All in all the Liberal Arts Dude gives Taking On the System four out of five stars. It would have gotten the full five stars if it provided better answers to my burning questions. But I found the book thought–provoking and that it generated a lot of introspection in me which led me to examine my own motivations for political participation.
Sunday, February 08, 2009
Saturday, February 07, 2009
Dr. Omar Ali, author of In the Balance of Power: Independent Black Politics and Third-Party Movements in the United States, will be giving a Master Class on President's Day, February 16, at 11:00 am, at the All Stars Project, 543 W. 42nd St., NYC.
Dr. Ali is a professor of history in the Program in African American and Diaspora Studies at Vanderbilt University in Tennessee. He will discuss the history of the U.S. presidency from George Washington to Barack Obama, what role African Americans have played in advancing democracy in the nation, what kinds of coalitions were created between black, white, and other Americans to bring about the abolition of slavery to the advancement of civil and political rights, and how America’s independents have pushed for political changes and helped to elect the nation’s first black president.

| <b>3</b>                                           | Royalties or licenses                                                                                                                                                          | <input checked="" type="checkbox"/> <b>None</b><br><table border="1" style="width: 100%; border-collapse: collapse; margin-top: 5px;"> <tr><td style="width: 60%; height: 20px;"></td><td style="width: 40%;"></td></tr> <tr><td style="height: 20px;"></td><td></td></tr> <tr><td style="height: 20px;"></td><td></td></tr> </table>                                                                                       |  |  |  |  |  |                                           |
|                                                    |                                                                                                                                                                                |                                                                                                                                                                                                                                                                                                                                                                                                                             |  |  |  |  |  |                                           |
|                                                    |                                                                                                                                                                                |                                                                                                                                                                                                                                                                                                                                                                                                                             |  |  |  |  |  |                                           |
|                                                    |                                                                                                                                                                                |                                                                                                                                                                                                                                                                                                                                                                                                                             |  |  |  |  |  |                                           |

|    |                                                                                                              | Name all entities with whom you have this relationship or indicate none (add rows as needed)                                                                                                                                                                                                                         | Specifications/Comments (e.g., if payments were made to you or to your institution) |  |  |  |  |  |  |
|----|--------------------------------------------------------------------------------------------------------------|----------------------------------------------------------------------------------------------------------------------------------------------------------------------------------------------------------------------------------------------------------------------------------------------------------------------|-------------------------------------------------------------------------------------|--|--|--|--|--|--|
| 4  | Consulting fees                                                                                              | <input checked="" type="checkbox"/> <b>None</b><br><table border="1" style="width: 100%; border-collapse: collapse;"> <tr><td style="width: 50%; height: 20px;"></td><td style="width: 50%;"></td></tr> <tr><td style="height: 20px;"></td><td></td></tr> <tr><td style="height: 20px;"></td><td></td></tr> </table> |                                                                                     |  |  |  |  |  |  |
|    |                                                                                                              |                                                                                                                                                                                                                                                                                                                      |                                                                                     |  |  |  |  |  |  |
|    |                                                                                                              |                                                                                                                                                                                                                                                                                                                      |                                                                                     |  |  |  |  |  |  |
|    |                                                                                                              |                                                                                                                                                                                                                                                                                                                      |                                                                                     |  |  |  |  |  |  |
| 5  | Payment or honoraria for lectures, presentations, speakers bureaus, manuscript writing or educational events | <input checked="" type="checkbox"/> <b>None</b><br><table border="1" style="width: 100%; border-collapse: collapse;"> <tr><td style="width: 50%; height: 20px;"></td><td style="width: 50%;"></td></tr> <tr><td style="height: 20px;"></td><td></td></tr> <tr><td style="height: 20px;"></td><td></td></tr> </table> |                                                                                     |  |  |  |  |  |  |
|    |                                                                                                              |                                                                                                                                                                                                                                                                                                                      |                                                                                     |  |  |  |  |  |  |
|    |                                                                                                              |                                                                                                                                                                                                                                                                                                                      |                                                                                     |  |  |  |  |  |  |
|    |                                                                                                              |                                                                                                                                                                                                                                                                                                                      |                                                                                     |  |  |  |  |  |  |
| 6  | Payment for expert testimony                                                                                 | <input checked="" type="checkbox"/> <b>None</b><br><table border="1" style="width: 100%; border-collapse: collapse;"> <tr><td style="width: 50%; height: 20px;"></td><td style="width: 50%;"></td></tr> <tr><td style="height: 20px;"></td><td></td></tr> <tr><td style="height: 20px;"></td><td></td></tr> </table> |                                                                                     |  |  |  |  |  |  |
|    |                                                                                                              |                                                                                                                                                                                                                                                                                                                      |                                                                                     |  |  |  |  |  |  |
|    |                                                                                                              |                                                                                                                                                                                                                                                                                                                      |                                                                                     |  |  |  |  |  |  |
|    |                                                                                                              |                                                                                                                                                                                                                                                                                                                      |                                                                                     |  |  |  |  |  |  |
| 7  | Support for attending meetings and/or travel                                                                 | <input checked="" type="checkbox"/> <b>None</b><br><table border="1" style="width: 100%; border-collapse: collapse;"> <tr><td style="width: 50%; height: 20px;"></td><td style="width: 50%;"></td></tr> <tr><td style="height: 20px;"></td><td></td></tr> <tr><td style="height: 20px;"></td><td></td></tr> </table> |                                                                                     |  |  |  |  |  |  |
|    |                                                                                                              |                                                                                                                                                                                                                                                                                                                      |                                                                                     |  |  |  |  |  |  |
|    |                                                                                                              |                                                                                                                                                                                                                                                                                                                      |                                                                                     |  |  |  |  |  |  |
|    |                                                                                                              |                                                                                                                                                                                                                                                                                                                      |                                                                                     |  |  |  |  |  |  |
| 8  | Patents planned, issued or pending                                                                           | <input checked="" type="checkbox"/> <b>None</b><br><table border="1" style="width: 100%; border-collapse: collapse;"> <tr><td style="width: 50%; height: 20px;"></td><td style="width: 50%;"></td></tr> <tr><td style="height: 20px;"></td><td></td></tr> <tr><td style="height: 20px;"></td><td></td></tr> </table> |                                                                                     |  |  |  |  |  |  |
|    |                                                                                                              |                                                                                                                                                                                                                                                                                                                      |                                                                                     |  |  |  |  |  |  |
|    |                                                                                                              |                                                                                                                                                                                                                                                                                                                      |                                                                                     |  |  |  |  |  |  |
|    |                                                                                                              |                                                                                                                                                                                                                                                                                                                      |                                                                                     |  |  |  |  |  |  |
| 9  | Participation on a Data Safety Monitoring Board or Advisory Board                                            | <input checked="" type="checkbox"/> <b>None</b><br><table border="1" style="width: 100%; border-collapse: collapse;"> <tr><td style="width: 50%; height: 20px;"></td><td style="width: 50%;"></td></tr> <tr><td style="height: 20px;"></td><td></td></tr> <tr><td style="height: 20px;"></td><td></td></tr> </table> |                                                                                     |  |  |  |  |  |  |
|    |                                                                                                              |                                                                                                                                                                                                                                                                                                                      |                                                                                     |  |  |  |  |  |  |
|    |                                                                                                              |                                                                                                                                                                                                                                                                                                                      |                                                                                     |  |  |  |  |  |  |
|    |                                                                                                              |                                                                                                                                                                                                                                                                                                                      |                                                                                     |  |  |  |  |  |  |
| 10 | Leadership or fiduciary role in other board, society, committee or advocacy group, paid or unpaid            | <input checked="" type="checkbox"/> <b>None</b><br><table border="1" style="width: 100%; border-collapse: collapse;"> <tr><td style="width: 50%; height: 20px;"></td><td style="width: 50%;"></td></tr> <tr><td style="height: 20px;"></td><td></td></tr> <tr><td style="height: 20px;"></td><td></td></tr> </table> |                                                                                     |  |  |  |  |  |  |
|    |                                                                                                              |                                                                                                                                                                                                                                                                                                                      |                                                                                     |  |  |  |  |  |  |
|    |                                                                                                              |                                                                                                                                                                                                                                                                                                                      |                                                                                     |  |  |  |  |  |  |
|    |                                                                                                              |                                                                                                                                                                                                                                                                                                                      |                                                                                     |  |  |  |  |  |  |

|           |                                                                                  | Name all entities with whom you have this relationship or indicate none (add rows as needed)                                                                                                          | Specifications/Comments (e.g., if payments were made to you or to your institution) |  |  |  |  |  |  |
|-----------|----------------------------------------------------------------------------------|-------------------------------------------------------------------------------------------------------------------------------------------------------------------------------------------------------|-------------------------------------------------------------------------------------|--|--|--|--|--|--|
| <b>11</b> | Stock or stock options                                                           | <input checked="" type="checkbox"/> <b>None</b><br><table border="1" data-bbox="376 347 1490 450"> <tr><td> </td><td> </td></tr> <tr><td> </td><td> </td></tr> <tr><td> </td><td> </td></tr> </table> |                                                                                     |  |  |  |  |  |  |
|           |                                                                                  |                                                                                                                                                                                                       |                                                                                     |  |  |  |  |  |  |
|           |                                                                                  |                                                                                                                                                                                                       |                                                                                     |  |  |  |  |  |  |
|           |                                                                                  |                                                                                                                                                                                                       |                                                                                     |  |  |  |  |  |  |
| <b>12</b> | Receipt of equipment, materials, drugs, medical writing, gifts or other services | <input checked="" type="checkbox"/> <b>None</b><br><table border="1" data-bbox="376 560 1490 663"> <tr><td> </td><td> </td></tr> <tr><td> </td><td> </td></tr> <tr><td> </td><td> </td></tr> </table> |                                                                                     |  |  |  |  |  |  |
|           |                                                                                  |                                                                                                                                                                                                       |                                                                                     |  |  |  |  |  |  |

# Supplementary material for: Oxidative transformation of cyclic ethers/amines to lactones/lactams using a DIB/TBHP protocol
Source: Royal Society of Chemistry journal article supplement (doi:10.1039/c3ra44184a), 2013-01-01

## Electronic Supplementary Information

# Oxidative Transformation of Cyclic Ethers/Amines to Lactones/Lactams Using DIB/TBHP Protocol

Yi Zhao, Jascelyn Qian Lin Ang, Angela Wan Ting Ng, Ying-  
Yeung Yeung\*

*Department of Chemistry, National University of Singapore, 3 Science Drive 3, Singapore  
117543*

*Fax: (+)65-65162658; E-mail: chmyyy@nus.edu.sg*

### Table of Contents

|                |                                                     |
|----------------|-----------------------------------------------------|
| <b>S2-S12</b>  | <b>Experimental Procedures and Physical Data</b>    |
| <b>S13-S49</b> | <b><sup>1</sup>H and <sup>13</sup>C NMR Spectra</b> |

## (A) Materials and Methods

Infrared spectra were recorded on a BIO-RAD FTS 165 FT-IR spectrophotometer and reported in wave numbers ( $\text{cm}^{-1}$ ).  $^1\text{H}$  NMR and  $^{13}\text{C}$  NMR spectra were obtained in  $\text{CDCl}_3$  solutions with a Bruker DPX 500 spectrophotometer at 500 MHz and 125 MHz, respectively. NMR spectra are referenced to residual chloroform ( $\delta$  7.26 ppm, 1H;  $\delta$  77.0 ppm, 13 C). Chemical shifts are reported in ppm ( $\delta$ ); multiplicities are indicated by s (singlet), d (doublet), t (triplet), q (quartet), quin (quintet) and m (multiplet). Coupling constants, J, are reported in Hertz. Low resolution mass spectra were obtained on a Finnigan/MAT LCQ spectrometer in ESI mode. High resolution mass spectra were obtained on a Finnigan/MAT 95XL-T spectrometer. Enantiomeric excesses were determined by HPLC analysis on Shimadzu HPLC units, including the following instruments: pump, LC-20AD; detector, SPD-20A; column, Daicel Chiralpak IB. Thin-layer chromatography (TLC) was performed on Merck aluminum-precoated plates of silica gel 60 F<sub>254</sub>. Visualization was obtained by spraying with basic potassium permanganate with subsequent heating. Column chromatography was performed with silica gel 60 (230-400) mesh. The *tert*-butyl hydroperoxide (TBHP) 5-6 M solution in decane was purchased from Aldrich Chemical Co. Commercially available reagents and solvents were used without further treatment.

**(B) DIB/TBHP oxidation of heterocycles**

Here's a review of In the Balance of Power.
Friday, February 06, 2009
Thursday, February 05, 2009
Wednesday, February 04, 2009
Not sure whether this qualifies for off the beaten path, or on, for The Hankster, but I just attended a lecture at the Society of Illustrators on East 63rd Street. Jerelle Kraus was the Art Director of the Op-Ed page ("What? The NYTimes Op-Ed page has an "art director"???) at the New York Times for 13 years (interestingly, fired at least once for what was termed "insolence") and has quite a story to tell. The stories from Jerelle and her colleagues JC Suares and Brad Holland were facinating. Jerelle has just published a new book called All the Art That's Fit to Print (And Some That Wasn't) chock full of political art. What could be better??